Key to Scale: Collaboration, Cooperation, Coopetition
Digital infrastructure is a complex, competitive ecosystem. To maintain the ability to grow and scale and respond to ever-increasing demand, that ecosystem needs to embrace competition, encourage cooperation and, perhaps, take a page from game theory.
This is the second in a series of five blog posts reflecting the top-of-mind issues discussed during the Infrastructure Masons Advisory Council meeting on April 25, 2019.
The idea of working collaboratively within the digital infrastructure industry came up several times during the Advisory Council meeting. The idea was to not only work together as individuals in a professional network but also as competitors cooperating to find solutions to meet growing demand.
Collaboration may be the new competition
Around the country we see organizations putting self-interest on pause in order to work with traditional competitors on a shared objective. Most of these efforts are in the realm of civic projects. Private, public, philanthropic, and non-profit groups gather to fix problems once thought to be unsolvable.
“The idea was to not only work together as individuals in a professional network but also as competitors cooperating to find solutions to meet growing demand.” –Click to tweet
One example of such a collaboration is Hope SF, which pulls together city agencies, the Chamber of Commerce, private and non-profit businesses and residents to transform San Francisco public housing sites.
As another example, the Sustainable Apparel Coalition is a group of companies, organizations and individuals representing the American apparel sector. Encompassing more than 30 brands of shoes and clothing, it brings together retailers, manufactures, NGOs, academic experts, and the U.S. Environmental Protection Agency with one aim: to reduce the social and environmental impact of apparel products around the world. The Coalition has developed a common measure of impact, the Sustainable Apparel Index.
Hardly competitors, but not natural allies either, NASA and Lego have joined forces on the Space Act Agreement. The 3-year collaboration between the toy company and the space agency jointly promotes technology, engineering, and mathematics among science students, encouraging students to work on practical applications in these disciplines.
A rising tide lifts all boats
One lesson from these collaborations is that competitive advantage isn’t necessarily driven by the resources you control, but by those you can access.
“How do we meet the demands of 10x, 100x, 1000x in the timeframes that the industry is demanding?” asked one partner rhetorically. “Collaboration is key to that.”
“How do we meet the demands of 10x, 100x, 1000x in the timeframes that the industry is demanding? Collaboration is key.” –Click to tweet
For the most part, the current environment is not one of collaboration. Several partners talked about the current state of the digital infrastructure industry as one of competition not only between partners, but even between partners and the end users themselves.
One partner said, “four or six companies constitute about 80% of the buying power in the marketplace. So they’re competing with themselves and with their partners.” He added, “We’re competing for the same supply chain, the same talent pools.” And that often causes competitive tensions.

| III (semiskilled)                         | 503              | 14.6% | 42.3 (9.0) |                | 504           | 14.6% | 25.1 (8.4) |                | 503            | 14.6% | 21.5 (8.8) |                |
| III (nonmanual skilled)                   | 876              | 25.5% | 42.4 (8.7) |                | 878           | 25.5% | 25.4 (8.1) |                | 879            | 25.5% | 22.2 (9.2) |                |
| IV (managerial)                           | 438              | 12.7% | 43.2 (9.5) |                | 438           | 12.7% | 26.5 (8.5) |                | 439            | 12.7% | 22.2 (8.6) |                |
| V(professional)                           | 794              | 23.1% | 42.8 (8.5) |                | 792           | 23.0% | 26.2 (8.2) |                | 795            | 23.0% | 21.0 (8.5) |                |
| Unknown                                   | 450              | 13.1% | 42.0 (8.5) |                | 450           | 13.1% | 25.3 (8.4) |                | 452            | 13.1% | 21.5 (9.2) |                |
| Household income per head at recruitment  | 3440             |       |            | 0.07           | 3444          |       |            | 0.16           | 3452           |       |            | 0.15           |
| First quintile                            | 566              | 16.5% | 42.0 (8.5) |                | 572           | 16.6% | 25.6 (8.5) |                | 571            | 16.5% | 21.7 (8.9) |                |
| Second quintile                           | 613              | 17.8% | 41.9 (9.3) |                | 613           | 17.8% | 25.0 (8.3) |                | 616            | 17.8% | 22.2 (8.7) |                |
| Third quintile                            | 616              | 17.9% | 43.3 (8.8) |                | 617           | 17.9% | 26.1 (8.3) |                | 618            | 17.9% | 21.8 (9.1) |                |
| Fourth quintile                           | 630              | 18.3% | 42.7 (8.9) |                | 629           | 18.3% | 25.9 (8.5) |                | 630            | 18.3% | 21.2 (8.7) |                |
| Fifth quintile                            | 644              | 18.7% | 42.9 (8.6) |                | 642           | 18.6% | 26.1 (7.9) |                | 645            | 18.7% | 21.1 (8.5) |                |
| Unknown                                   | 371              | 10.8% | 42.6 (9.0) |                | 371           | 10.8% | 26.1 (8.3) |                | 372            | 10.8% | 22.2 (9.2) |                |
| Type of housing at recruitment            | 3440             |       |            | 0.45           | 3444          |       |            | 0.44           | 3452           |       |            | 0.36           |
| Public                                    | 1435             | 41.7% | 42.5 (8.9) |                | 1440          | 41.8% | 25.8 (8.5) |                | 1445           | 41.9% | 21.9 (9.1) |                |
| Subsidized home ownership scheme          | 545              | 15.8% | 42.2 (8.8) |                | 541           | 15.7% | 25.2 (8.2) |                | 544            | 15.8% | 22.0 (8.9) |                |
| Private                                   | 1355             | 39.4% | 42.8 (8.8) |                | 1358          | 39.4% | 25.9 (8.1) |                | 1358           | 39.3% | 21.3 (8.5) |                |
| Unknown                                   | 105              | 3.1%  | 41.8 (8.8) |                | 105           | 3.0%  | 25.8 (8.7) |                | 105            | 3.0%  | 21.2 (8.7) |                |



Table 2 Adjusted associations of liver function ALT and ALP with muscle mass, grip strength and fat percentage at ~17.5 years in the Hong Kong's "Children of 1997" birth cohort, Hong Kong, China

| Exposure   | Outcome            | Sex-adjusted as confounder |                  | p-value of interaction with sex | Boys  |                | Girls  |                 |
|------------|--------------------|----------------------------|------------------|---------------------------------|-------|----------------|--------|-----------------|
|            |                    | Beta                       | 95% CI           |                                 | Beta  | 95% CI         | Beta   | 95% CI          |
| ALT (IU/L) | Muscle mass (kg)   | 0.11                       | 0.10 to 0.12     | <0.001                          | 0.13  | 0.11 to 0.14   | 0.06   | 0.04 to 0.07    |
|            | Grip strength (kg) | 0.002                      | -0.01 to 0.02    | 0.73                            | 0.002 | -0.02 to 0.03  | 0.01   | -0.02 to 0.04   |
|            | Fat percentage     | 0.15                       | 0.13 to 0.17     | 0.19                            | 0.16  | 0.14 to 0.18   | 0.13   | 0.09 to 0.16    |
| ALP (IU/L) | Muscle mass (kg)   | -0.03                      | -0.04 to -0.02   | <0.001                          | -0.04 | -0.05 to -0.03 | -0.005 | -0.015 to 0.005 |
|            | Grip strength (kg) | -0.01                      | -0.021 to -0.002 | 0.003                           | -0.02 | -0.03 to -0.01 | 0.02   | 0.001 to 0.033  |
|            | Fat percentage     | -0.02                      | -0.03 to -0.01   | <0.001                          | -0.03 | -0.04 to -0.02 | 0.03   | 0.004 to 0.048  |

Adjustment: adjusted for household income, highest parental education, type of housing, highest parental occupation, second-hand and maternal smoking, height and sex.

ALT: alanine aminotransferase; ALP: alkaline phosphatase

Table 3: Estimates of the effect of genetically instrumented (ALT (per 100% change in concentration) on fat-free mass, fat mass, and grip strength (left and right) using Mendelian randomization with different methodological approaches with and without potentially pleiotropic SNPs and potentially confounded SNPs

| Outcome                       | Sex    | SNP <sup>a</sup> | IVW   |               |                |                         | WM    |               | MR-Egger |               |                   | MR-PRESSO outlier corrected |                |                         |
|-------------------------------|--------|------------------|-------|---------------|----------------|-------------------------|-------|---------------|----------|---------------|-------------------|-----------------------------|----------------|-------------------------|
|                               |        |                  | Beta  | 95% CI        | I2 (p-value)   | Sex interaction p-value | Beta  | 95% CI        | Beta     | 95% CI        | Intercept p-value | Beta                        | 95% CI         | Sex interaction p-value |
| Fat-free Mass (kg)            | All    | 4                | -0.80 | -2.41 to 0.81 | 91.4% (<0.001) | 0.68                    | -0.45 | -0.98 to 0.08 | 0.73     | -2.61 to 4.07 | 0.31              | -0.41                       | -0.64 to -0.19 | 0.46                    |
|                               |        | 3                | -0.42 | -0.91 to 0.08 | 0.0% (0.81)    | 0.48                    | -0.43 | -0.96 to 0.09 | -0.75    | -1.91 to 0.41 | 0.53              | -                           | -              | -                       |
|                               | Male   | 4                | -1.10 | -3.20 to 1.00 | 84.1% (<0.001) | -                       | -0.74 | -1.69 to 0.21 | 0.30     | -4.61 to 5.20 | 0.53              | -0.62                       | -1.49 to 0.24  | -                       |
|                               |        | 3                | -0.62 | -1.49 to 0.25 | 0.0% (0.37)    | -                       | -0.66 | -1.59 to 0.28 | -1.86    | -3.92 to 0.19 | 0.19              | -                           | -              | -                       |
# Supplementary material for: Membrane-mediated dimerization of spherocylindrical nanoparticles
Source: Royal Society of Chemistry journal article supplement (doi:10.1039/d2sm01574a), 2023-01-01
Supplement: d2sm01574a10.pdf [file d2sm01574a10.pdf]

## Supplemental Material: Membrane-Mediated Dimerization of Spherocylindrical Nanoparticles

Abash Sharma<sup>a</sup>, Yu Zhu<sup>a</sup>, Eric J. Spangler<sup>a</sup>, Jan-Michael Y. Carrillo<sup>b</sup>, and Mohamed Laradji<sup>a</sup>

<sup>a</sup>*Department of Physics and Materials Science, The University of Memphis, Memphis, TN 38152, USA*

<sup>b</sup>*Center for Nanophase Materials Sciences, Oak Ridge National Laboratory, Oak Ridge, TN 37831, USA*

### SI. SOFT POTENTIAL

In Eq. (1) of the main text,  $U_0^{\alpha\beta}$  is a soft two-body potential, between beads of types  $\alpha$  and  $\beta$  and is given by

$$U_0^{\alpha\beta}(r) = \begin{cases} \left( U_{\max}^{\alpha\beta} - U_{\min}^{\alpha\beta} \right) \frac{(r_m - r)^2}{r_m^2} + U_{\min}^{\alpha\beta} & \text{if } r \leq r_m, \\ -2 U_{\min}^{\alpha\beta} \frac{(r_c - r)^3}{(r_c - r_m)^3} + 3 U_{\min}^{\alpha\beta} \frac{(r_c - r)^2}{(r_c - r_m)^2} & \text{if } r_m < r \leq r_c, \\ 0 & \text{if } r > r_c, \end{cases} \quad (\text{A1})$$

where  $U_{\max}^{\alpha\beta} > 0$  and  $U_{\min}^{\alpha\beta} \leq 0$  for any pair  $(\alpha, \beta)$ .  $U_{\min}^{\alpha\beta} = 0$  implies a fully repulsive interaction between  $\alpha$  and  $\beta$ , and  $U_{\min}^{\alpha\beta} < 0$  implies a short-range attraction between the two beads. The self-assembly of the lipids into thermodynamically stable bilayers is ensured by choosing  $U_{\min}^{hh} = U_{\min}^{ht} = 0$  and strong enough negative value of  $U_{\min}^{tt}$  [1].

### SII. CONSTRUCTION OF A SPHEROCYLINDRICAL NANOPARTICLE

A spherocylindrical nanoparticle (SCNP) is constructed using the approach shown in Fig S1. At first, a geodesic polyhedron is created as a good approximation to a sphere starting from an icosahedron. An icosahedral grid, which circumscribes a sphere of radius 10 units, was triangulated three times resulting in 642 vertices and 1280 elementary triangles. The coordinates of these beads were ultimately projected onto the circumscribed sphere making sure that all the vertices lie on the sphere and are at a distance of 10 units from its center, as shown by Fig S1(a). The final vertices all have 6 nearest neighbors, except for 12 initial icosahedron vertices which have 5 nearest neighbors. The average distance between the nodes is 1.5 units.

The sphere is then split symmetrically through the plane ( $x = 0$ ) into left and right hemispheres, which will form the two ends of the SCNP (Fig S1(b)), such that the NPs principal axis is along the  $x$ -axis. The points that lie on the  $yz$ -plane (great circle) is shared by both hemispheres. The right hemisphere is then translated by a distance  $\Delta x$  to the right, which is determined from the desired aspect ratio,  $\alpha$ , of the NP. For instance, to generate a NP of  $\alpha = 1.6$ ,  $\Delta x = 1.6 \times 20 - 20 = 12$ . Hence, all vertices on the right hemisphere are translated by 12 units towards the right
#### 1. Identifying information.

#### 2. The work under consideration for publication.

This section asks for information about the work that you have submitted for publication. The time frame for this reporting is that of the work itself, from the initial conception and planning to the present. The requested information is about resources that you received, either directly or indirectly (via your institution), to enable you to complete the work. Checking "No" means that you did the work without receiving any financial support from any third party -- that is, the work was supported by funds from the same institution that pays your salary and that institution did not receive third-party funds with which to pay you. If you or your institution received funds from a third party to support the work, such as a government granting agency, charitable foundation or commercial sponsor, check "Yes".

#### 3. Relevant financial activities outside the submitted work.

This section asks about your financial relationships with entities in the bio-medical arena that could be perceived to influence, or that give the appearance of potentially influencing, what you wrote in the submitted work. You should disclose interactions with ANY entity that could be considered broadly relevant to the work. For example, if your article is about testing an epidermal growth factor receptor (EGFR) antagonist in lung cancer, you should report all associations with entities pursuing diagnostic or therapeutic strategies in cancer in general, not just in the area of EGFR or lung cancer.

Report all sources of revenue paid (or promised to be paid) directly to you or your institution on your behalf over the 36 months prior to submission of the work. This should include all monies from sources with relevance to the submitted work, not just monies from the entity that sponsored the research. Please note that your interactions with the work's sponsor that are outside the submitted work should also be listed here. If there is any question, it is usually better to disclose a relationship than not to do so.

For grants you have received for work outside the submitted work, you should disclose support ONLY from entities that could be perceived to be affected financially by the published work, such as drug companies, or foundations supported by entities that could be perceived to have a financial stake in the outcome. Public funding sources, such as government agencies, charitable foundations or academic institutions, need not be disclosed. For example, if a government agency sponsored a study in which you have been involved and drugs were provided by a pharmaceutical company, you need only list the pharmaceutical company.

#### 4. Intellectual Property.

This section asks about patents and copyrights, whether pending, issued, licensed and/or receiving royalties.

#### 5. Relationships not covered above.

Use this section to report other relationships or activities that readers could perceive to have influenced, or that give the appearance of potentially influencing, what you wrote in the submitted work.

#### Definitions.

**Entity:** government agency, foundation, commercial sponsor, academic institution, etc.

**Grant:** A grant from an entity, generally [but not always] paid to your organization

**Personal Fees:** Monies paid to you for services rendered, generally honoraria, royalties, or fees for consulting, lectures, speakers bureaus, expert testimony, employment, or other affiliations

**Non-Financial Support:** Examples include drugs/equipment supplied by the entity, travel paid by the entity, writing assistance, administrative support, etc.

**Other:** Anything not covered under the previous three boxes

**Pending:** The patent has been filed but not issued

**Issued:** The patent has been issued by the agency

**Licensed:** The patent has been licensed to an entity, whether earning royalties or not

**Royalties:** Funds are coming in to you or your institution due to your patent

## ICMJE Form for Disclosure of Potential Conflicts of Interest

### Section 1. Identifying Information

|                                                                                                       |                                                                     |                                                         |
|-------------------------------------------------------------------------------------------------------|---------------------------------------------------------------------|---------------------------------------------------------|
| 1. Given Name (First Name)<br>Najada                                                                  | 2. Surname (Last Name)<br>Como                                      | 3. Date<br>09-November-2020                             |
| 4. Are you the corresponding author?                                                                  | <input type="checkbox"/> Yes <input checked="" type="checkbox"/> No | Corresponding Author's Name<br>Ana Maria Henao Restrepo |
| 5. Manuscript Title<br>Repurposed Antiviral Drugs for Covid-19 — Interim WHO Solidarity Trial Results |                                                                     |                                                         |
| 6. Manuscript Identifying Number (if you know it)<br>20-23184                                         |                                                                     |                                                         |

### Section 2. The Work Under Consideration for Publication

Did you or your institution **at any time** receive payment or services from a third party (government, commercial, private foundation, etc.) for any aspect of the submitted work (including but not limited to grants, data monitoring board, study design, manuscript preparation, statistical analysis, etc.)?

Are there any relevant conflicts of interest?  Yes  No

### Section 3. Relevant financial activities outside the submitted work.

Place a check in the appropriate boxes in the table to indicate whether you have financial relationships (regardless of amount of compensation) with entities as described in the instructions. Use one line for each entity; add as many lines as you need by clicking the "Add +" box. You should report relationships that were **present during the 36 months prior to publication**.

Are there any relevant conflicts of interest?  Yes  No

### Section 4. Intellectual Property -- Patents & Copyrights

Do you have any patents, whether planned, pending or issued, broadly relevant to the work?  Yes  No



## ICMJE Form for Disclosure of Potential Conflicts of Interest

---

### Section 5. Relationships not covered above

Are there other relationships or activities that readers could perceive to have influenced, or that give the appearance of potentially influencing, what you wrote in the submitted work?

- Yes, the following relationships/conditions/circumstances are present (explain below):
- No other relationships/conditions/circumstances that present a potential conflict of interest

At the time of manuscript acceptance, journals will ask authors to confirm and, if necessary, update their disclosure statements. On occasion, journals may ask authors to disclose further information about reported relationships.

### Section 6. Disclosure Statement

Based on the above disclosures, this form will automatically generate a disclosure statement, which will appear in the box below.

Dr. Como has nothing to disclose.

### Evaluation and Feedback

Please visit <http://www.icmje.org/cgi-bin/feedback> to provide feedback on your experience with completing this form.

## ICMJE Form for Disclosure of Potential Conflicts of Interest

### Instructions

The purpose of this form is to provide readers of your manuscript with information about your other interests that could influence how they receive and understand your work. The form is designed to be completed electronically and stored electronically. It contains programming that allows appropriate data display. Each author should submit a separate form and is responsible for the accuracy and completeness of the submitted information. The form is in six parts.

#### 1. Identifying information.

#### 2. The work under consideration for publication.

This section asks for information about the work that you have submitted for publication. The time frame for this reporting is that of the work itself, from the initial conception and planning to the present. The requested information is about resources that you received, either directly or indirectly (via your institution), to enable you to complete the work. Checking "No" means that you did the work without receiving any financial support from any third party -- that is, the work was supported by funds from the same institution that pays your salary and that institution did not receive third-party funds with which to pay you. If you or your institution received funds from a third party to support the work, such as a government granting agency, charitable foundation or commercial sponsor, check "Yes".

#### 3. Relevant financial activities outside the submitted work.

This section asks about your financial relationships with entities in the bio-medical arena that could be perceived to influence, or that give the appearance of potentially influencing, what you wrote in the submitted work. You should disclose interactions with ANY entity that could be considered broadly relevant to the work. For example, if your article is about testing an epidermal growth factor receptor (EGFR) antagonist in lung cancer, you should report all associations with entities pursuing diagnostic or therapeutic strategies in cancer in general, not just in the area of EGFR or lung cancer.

The tension might be healthy if it’s turned into coopetition – a partnership between competitors.
Working together to invest in the future
Coopetition is a business ideology direct from game theory. The aim of coopetition is to move the market from a zero-sum game where a single winner takes all to an environment in which the end result benefits the whole, making everyone more profitable. To succeed in a growing service-based digital ecosystem, more rivals are realizing that they cannot go it alone.
Members expressed consensus around the idea that collaboration or coopetition will be essential.
One partner said, “Infrastructure won’t keep up with demand unless we continue to invest – to build new. To keep up with demand for resiliency you need more paths, lower latency.” Yet “not everyone can afford to spend the capital” – even if it’s customer driven. “Go-to-market strategies just aren’t happening fast enough.”
“Infrastructure won’t keep up with demand unless we continue to invest – to build new.” –Click to tweet
The same partner continued, “providers are collaborating on millions of dollars of build for new paths,” then seeking out partners to co-invest. “Yes we’re competitors, but we’re not everywhere and we can grow better and faster together.”
Collaboration has been successful in other industries, another partner pointed out. “The software industry collaborates well and still respects each other’s intellectual property and deserved compensation.”
Changing culture in a ‘secretive’ industry
Another partner said, “Collaboration is not easy because [the industry] is so secretive.” He said that maybe collaborating in a new emerging market – he suggested Malaysia – would be a good first step toward broader collaboration or coopetition around the world.
Another prime area for coopetition is in global networks. Microsoft and Google famously collaborated on “Marea” a 4,000-mile long high-capacity subsea cable. Indeed, telecommunications firms are no longer the primary interests driving submarine cable construction – now, it’s hyperscale cloud companies and large content providers, according to Submarine Telecoms.
Subsea cable systems are critical to making 10x, 100x, 1000x possible. It’s just one example of an area prime for coopetition. But whether it’s a data center hub in an emerging market or a new subsea cable, coopetition will be the key to scale. And that’s something “Infrastructure Masons should take the driver’s seat on.”
Previous posts in the April 2019 top-of-mind series:
Upcoming posts in the April 2019 top-of-mind series: